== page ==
Revolutionary Iran , By Michael Axworthy

Allen Lane, £25

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The Independent Culture

In this lucid, nicely written and well-paced work, Michael Axworthy provides a compelling overview of contemporary Iran and its relations with the outside world. He focuses on events since the Islamic revolution in 1979 but places them in a wider historical context.

The author, a former British diplomat who teaches at Exeter University, avoids the war-mongering terminology that has distorted debate on Iran. He refers to "insurgency" instead of "terrorism", and rather than inanely accusing Iran of "aggression" emphasises it "has not waged serious aggressive war" for three centuries. He accepts the Tehran regime has interfered in post-Saddam Iraq but points out that Saudi nationals have been far more instrumental in undermining the peace, even though Washington has been reluctant to acknowledge the malign role of its key ally.

Axworthy's measured perspective becomes clear in other ways. He does not parrot the oft-made claim that an Iranian bomb will "trigger a nuclear arms race across the Middle East", pointing out Israel's acquisition of the bomb did not prompt any such reaction. And while never denying brutal repression inside Iran, he also emphasises the Western democracies, in which free debate is some- times stifled and manipulated, are barely in a position to lecture others.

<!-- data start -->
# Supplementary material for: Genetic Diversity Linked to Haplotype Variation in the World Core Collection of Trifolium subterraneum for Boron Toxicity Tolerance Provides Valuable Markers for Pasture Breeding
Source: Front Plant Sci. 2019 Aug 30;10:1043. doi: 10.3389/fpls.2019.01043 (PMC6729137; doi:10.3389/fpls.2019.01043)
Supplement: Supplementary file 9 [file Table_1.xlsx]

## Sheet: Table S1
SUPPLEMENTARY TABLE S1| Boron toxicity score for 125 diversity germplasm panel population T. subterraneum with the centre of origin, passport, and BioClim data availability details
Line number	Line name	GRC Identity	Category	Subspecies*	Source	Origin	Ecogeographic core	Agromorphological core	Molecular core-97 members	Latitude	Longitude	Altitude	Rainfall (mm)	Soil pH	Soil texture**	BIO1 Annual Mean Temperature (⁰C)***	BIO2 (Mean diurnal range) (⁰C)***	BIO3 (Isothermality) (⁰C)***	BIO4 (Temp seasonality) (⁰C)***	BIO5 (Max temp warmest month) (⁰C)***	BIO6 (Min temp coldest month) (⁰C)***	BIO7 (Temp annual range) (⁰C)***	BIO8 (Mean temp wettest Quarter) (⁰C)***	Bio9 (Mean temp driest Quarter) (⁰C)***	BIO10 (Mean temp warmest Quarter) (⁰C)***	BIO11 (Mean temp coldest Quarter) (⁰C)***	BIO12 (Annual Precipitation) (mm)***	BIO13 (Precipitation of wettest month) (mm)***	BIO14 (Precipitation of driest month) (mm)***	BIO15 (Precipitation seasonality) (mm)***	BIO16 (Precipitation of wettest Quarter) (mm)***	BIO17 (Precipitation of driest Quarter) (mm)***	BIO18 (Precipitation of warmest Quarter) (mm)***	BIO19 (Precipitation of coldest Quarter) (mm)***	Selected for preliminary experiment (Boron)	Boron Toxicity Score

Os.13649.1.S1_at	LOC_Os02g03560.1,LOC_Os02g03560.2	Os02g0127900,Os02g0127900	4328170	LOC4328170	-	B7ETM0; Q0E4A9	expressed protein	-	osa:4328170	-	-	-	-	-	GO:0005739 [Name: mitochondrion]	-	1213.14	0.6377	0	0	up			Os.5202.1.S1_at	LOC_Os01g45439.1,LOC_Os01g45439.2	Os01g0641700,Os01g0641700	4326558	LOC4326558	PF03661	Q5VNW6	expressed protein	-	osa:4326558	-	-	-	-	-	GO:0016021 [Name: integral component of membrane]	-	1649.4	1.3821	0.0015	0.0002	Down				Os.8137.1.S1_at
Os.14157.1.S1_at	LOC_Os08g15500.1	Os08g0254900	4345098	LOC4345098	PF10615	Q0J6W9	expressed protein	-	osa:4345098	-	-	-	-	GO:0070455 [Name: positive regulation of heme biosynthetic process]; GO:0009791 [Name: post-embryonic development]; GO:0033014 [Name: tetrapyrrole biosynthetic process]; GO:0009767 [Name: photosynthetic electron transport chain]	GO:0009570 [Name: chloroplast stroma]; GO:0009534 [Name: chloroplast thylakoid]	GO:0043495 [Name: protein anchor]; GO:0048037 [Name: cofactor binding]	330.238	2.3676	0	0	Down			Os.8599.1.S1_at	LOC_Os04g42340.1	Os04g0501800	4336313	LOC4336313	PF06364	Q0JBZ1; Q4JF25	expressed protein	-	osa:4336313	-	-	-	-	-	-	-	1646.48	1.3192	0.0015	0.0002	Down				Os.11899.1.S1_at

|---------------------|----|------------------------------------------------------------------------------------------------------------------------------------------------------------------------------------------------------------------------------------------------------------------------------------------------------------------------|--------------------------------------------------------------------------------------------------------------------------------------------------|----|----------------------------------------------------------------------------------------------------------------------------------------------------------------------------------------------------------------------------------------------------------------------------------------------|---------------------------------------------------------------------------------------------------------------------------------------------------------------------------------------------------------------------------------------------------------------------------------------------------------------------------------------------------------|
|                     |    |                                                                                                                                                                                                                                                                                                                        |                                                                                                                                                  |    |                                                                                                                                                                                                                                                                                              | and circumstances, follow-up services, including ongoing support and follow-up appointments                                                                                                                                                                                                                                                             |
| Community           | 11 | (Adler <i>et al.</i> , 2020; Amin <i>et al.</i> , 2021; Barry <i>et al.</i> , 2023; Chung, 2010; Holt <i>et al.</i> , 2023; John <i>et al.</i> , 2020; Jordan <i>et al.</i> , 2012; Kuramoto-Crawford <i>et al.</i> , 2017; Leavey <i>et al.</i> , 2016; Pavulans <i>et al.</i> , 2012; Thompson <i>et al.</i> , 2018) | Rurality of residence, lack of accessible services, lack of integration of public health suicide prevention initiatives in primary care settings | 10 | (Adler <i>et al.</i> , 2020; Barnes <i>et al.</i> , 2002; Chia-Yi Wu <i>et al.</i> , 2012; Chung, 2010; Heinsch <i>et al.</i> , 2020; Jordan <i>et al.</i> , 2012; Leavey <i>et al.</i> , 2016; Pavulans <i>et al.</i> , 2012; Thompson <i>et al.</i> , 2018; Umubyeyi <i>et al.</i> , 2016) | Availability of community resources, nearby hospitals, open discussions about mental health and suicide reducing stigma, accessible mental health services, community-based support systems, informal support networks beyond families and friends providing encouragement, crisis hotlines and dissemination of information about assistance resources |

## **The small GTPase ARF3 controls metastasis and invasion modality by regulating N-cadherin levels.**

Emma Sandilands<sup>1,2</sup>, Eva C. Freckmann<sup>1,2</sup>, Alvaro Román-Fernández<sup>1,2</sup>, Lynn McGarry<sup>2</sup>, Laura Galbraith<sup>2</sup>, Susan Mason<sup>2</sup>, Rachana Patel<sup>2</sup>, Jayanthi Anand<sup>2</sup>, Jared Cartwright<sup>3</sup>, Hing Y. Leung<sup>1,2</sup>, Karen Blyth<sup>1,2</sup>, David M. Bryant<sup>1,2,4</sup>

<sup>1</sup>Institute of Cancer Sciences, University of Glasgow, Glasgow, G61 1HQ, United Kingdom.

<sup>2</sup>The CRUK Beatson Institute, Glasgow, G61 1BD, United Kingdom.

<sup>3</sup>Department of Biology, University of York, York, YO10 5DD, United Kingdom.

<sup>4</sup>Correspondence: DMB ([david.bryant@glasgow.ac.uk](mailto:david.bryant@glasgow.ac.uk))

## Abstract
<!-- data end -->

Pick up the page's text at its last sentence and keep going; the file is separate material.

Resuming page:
Such a perspective is far more persuasive, and interesting, than the neocon line that has dominated the Iran debate. Axworthy continues by making bold, but quite defensible, statements: Iran's rulers "are right to be worried" about deals with the West, because"there are genuine reasons to dislike some of the consequences", including Western imports such as "drug abuse".

When he describes post-Saddam Iraq and discusses allegations of Iranian subversion, it is hard not to see how much moral high ground the US and its allies have lost: we cannot condemn the Iranians for "intervening" in their neighbourhood when we have never had any business there ourselves. However, this book is an overview of Iran. The discursive style will not suit a reader wanting to know more about Iran's relations with the US, or everyday reality of life as an ordinary Iranian.